Arch has a few repositories. To put simply, a repository is a collection of binary packages maintained by Arch developers, or other members of the community. The official repositories are current, extra, unstable, testing, community. Out of these current and extra contain stable packages. testing contains the absolutely new stuff, and one that could (but never has, in my case) break your system (like say, a new kernel version or a new video graphics driver). unstable contains, well unstable code. I don’t use it and it doesn’t contain many packages anyway. community is a repo of software that users wrote PKGBUILDs for (I’ll be coming to what PKGBUILDs are, soon) and they have been voted or are important enough, that binary packages are provided for a few of them. (Did you know, that
anyone can upload packages to the Archlinux User Repository?)

If you want to enable some of those repositories, go to /etc/pacman.conf and uncomment out the repos you need, you can also add other repos if you want.

Installing stuff is a no-brainer as I told before. I quickly installed openoffice-base, pidgin, seahorse (manages GPG keys), muttng (grabbed a few configs from codemac, thanks codemac!), screen (the wonderful terminal multiplexer), nitrogen (a wallpaper setter), alunn (excellent notifier for new packages, quietly sits in systray), totem movie player, VLC, etc….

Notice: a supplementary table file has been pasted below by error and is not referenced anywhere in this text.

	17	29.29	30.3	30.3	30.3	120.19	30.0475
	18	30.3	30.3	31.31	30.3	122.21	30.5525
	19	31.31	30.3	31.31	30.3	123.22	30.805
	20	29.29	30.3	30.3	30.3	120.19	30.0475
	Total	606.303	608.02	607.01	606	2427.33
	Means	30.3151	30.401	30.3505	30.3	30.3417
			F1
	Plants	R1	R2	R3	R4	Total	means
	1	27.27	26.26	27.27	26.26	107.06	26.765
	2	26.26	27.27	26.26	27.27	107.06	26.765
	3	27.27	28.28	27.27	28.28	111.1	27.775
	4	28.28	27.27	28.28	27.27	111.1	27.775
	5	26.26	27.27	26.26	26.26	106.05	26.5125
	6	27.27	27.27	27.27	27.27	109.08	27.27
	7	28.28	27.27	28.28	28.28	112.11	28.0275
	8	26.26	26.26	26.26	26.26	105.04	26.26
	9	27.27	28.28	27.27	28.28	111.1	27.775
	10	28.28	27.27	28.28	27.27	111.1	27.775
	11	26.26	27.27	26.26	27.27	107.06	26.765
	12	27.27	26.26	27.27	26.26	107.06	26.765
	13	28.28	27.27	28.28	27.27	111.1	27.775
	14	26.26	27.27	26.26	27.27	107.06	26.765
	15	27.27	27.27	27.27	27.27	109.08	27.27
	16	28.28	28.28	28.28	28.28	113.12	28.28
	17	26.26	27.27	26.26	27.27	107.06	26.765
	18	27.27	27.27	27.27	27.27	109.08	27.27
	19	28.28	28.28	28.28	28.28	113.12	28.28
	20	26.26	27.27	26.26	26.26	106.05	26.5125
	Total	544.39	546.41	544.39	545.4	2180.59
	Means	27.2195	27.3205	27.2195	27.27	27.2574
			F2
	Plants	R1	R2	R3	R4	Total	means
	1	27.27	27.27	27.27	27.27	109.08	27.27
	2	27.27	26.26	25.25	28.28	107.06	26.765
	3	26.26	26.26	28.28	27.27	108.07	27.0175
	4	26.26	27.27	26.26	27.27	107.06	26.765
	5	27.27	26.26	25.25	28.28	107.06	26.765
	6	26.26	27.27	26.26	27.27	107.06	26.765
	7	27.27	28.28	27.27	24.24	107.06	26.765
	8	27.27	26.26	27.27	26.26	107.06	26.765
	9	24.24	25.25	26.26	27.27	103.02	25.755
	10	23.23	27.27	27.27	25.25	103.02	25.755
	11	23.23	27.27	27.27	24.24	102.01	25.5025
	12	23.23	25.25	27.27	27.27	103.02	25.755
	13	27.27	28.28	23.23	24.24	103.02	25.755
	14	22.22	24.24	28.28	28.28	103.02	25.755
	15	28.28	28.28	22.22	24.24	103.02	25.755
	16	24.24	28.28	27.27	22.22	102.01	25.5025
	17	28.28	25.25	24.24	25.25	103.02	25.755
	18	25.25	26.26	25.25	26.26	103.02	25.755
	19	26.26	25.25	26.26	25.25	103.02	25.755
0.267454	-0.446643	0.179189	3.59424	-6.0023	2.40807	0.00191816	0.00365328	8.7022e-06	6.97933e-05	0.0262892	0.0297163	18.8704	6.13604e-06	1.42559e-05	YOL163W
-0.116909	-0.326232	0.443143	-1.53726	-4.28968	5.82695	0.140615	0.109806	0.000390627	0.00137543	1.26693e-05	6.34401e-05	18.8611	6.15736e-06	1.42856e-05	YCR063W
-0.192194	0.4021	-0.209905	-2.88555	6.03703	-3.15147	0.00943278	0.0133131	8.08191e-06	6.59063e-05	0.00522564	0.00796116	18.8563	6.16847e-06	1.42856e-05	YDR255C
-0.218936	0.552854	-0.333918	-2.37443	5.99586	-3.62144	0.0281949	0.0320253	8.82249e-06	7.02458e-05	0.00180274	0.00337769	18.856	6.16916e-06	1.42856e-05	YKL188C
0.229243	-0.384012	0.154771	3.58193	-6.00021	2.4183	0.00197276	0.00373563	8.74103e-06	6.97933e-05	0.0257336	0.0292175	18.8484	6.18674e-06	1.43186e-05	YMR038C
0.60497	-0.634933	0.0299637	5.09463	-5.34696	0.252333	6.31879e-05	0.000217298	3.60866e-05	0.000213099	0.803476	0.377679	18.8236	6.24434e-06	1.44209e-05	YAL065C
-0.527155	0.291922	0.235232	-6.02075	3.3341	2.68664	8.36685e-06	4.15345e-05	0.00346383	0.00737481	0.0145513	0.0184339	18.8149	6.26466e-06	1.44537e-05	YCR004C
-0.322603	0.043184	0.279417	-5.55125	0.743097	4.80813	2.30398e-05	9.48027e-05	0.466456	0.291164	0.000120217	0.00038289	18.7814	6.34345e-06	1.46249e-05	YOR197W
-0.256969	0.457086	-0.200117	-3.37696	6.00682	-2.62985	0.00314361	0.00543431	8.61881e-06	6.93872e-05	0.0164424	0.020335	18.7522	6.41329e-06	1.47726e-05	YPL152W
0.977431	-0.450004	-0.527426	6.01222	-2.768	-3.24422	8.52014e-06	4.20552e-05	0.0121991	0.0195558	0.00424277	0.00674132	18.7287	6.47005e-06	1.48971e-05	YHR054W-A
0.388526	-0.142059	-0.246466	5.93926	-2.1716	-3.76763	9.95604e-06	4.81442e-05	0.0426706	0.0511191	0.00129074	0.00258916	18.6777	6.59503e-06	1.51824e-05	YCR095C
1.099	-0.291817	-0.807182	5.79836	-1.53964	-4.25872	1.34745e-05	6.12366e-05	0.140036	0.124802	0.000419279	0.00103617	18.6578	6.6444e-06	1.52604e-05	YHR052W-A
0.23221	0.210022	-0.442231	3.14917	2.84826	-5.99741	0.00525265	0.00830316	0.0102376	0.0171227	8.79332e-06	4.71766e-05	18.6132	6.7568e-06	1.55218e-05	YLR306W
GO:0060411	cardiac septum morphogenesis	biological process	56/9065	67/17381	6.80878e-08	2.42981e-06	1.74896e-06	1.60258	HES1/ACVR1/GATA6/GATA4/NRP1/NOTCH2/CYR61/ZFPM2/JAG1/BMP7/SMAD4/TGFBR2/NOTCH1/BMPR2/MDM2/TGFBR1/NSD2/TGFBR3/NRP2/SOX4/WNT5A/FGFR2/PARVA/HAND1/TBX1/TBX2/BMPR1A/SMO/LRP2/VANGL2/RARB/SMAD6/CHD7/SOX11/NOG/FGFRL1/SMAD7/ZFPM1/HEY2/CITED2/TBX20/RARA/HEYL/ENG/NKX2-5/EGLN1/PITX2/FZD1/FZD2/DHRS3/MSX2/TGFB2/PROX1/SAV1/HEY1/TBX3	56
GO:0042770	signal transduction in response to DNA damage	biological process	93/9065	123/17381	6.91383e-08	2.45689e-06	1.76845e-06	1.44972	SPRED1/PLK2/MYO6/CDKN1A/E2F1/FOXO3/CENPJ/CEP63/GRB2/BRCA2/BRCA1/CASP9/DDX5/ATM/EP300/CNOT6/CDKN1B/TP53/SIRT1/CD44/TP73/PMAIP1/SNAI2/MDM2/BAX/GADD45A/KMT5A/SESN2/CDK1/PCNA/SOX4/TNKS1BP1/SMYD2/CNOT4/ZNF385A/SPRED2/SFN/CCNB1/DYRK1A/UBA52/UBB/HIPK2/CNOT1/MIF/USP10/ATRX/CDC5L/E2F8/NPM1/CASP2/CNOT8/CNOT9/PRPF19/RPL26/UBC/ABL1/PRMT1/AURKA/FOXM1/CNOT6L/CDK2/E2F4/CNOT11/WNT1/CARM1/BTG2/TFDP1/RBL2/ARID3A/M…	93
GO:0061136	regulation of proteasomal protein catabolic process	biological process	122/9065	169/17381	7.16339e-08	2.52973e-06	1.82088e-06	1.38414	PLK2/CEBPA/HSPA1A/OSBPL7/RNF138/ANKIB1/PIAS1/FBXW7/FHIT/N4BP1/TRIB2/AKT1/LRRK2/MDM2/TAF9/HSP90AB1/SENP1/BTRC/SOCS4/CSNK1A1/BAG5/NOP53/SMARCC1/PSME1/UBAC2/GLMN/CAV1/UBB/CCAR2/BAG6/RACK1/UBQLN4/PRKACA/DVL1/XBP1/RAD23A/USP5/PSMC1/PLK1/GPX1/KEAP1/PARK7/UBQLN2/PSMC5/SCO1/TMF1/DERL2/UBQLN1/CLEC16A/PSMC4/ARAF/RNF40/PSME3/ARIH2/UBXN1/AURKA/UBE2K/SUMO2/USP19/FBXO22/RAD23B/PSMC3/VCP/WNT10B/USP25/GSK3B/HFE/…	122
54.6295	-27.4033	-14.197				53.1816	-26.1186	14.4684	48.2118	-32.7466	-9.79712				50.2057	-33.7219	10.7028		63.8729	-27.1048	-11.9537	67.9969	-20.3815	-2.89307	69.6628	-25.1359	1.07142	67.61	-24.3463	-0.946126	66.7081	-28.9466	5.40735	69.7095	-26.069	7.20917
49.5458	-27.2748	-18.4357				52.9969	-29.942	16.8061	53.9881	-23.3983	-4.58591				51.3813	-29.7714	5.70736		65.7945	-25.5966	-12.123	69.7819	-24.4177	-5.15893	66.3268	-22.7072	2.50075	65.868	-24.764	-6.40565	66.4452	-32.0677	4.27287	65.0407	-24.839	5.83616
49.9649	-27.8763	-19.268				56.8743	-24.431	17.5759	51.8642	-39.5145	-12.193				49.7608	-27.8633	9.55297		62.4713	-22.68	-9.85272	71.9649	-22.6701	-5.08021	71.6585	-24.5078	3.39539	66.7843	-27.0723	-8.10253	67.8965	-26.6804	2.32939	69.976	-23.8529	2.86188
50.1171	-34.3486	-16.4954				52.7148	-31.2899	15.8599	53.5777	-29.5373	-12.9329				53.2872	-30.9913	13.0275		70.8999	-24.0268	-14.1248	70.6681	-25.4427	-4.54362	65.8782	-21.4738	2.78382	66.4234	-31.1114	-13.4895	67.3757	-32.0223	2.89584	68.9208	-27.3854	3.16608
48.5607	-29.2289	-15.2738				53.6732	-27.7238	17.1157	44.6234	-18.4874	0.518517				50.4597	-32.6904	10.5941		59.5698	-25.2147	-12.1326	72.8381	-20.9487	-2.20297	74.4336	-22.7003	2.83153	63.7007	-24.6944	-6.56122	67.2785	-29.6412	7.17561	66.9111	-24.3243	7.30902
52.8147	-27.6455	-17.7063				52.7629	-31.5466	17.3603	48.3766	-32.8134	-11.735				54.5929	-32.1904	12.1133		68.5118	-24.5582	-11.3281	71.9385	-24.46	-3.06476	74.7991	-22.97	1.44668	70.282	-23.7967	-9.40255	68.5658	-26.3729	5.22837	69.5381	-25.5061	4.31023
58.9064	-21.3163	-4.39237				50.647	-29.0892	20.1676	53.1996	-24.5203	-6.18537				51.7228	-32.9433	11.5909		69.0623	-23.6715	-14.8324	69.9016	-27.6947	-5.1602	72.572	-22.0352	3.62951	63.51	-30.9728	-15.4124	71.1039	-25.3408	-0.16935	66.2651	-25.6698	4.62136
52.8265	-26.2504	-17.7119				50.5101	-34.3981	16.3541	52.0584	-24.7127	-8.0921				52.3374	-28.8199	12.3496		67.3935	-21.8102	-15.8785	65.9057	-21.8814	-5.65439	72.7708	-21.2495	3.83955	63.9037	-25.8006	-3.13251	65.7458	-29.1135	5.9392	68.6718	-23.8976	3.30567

Now onto configuring NetworkManager. First I had to install the required packages (networkamanger and gnome-network-manager if you use GTK+/GNOME or knetworkmanager if you use KDE). Then you have to go to rc.conf and disable the interfaces which we want to use. You must also remember that your wireless card uses a different interface than your ethernet port. That you have to find out by trial-and-error. In my case it was eth2. So in my rc.conf, I now have:

  lo="lo 127.0.0.1"
  eth0="dhcp" #if you don't want dhcp put something like this:
  #eth0="eth0 192.168.1.3 netmask 255.255.255.0" where the first address is the IP you want
  eth2="dhcp"
  INTERFACES=(lo !eth0 !eth2)
  #
  # Routes to start at boot-up (in this order)
  # Declare each route then list in ROUTES
  #   - prefix an entry in ROUTES with a ! to disable it
  #
  gateway="default gw 192.168.1.1"
  ROUTES=(!gateway)